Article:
While the locals were still indulging in a Saturday soccer game, I walked through the fishing harbor and the old town center, which consists of just a few houses. The Danish Consulate here attests to the international importance of the local fishing industry. Yet, long after the collapse of the herring stocks in the 1960s, the situation has finally stabilized. Fishing quotas are intended to make the fisheries, the pride of many Icelanders, sustainable again. So it was fitting that we spent the evening at Tjöruhúsið, my friends’ favorite restaurant, and sampled some fish freshly caught by local small-scale fishermen. It was a true feast.

island jakuzzi view

One night a few days later, as chance would have it, I met an old fisherman in a hot pot at the far end of the Westfjords. Hot pots are small pools filled with hot thermal water, and not only can they be found everywhere throughout the country, but they also serve as a gathering place for the locals. It is the perfect place for a traveler like me to learn more about the country and its people and have a chance to chat with them. The old man told me it is next to impossible to live from fishing alone. To make a living all year round, he also works as a shepherd, and, in the winter when the community is snowed in, he looks after the airport, the only lifeline to the outside world during the cold months. After taking a final gulp from his beer can, he said goodbye. The next day he had to participate in the local sheep roundup with the community. So I was left alone in the hot water with a clear starry sky above me. My thoughts slowly drifted as I listened to the waves of the Arctic Ocean just a few steps away. Then a faint light began to dance above my head. There it was – the famous northern lights. And like all distances I had to cover while in Iceland, my way home took over half the night. Despite the icy cold, I was wholly absorbed in photographing the northern lights, which gradually became brighter.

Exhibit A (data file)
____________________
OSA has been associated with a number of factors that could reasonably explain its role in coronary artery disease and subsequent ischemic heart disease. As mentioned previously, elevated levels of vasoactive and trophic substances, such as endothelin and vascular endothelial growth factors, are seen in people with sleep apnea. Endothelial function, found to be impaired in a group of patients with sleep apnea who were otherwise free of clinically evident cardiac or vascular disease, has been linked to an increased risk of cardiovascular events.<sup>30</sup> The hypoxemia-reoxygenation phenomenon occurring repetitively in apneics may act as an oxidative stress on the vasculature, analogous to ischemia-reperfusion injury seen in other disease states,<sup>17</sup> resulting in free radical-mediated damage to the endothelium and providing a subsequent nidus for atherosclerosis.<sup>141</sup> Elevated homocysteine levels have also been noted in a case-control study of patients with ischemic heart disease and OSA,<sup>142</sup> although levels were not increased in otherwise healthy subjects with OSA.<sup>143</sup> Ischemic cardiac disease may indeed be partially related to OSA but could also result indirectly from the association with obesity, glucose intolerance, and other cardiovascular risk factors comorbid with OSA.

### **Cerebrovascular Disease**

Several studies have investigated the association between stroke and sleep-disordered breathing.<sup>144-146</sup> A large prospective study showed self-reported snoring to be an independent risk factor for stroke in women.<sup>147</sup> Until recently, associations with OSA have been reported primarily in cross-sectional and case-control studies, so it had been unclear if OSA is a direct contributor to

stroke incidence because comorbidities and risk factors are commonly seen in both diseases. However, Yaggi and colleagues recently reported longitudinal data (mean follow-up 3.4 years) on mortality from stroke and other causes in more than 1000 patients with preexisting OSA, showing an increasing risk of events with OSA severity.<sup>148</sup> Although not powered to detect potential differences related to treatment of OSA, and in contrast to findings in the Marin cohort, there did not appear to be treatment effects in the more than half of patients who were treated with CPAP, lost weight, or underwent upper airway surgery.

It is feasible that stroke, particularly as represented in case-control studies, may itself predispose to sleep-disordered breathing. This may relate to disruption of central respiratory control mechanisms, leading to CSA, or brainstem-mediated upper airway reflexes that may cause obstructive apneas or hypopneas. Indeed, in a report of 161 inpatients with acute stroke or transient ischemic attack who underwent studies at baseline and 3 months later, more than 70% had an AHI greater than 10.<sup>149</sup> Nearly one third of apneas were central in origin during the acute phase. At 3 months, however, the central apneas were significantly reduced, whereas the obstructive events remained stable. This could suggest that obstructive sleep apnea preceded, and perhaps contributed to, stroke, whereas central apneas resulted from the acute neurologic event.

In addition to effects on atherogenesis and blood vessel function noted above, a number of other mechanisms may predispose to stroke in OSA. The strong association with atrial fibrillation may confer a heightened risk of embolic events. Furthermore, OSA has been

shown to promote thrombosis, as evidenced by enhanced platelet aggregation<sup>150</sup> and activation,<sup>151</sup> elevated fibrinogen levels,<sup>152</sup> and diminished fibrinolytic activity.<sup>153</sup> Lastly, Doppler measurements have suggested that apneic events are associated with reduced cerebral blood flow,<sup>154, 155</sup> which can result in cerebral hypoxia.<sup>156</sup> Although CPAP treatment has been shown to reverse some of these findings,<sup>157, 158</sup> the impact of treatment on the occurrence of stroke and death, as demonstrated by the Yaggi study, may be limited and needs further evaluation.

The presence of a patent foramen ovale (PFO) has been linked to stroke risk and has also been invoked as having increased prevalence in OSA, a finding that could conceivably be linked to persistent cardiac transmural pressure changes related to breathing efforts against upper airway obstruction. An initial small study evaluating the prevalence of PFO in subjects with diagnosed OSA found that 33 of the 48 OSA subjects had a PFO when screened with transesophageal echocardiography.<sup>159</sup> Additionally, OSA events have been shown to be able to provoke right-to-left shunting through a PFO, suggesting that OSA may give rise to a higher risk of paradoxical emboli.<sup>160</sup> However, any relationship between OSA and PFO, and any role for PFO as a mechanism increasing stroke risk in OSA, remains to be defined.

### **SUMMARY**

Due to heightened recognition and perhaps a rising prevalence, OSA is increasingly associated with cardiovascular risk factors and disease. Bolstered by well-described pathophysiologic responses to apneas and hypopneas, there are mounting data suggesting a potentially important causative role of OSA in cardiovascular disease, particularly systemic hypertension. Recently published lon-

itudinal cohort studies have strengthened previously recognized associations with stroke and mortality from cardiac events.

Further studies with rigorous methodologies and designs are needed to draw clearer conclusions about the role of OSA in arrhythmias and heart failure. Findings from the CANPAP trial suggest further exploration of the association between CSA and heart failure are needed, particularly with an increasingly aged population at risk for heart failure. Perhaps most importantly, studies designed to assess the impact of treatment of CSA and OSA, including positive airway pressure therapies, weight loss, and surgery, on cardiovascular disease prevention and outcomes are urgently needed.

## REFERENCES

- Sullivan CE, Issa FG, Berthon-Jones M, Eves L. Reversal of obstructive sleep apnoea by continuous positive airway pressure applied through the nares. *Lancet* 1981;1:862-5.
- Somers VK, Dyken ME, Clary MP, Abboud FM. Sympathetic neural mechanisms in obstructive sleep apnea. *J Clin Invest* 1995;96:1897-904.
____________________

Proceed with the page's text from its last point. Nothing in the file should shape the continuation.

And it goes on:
polar lights iceland

By the end of my trip, I had covered 4000 kilometers in my rental car – a journey over seemingly endless gravel roads, over barren mountain passes, across green valleys overgrown with blueberries, and through dense fog banks. Just a few days ago, I stood before calving glaciers, from which shining blue icebergs drifted out into the open sea. The evening before my return flight, I spotted a column of smoke high in the sky. I was overcome with deep joy. The Fagradalsfjal, which had remained quiet for several days, had erupted again. This was my chance to experience up close one of the most spectacular wonders of nature before my return flight.

vulcano lava at night

In next to no time, I found myself climbing up the mountain alongside countless others who had joined this pilgrimage on short notice to watch as the boiling lava poured down into the valley. The lava hissed and bubbled. The wind was bitterly cold, but the closer you got to the lava, the more you were warmed up by the flowing liquid rock. As if in a trance, I gazed for hours at the red, bubbling streams and followed the ever-recurrent eruptions. Yet, it came time for even this journey to end. Heading to the airport, my rearview mirror reflected the glowing red light of the volcano illuminating the night sky. It was like a scene out of the Hollywood film Dante’s Peak. People were stopping alongside the highway and getting out of their cars to watch. The blue lights of the police were flashing everywhere as they hopelessly attempted to regulate the traffic. But even they were under the spell of the volcano.

iceland the outdoors vulcano